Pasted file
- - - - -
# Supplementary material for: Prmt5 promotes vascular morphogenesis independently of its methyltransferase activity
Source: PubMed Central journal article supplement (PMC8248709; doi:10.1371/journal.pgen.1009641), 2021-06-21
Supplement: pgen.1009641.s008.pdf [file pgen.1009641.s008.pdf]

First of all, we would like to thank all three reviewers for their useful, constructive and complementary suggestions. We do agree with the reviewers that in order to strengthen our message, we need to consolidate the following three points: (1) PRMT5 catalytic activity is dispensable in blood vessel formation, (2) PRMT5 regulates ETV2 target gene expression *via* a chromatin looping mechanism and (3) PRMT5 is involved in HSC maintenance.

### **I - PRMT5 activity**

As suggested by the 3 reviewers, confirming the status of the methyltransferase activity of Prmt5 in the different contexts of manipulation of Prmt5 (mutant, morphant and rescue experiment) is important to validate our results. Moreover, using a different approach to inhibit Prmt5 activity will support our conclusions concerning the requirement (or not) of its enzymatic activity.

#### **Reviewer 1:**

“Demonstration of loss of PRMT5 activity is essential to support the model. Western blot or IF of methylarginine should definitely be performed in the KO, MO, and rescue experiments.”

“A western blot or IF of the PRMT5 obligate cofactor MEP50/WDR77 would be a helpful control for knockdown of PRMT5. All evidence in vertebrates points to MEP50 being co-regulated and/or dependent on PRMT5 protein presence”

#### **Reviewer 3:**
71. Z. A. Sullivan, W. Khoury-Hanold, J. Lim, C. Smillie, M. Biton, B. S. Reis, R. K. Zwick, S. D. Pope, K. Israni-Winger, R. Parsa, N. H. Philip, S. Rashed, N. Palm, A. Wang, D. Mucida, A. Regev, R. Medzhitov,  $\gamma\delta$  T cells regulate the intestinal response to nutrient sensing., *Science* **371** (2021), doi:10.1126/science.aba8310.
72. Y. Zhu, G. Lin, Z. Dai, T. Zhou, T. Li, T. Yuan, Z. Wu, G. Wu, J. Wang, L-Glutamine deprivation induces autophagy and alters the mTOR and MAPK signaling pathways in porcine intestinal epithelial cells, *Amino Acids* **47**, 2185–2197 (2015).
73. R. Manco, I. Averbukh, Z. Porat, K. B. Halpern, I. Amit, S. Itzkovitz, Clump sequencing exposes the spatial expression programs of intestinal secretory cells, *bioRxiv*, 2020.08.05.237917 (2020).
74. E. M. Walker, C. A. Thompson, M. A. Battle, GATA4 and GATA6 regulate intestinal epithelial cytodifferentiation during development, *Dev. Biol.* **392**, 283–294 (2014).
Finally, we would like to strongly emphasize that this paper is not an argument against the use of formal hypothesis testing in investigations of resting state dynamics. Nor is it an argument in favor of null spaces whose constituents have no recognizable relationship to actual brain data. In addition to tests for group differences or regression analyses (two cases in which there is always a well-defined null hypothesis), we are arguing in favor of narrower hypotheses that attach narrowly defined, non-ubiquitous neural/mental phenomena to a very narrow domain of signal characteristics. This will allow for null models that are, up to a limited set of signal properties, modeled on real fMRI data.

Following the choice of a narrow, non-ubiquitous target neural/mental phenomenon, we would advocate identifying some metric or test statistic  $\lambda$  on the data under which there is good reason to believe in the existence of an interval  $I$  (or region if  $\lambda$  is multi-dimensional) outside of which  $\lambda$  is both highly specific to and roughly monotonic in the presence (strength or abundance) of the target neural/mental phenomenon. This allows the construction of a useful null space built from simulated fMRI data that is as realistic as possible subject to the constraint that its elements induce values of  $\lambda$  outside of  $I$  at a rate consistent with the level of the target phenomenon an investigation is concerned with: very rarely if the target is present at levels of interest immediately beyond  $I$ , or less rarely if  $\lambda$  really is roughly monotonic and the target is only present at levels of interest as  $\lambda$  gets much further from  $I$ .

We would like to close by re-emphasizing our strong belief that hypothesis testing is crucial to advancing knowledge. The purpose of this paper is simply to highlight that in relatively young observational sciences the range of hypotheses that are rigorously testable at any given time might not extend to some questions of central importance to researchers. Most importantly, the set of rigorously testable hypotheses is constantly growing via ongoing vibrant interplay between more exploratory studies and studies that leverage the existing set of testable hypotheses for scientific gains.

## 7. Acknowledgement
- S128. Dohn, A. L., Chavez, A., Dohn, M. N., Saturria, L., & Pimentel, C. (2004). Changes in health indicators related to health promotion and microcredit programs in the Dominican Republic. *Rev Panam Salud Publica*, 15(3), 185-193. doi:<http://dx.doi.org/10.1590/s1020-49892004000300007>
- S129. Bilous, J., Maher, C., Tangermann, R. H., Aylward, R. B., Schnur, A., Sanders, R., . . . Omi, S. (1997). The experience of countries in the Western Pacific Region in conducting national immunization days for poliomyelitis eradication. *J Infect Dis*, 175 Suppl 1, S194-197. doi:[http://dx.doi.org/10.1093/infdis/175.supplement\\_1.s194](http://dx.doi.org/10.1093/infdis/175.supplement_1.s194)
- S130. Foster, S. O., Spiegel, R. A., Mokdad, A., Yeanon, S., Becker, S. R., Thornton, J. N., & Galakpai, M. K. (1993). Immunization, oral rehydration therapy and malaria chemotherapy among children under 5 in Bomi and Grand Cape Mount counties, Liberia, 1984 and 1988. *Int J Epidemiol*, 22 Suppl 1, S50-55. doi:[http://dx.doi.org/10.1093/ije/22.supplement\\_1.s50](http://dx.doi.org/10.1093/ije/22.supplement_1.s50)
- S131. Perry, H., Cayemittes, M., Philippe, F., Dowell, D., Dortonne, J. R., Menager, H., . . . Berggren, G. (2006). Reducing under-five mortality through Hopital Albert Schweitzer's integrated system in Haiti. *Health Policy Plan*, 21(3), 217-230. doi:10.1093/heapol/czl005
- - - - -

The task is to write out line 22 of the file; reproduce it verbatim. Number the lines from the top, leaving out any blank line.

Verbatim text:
- S131. Perry, H., Cayemittes, M., Philippe, F., Dowell, D., Dortonne, J. R., Menager, H., . . . Berggren, G. (2006). Reducing under-five mortality through Hopital Albert Schweitzer's integrated system in Haiti. *Health Policy Plan*, 21(3), 217-230. doi:10.1093/heapol/czl005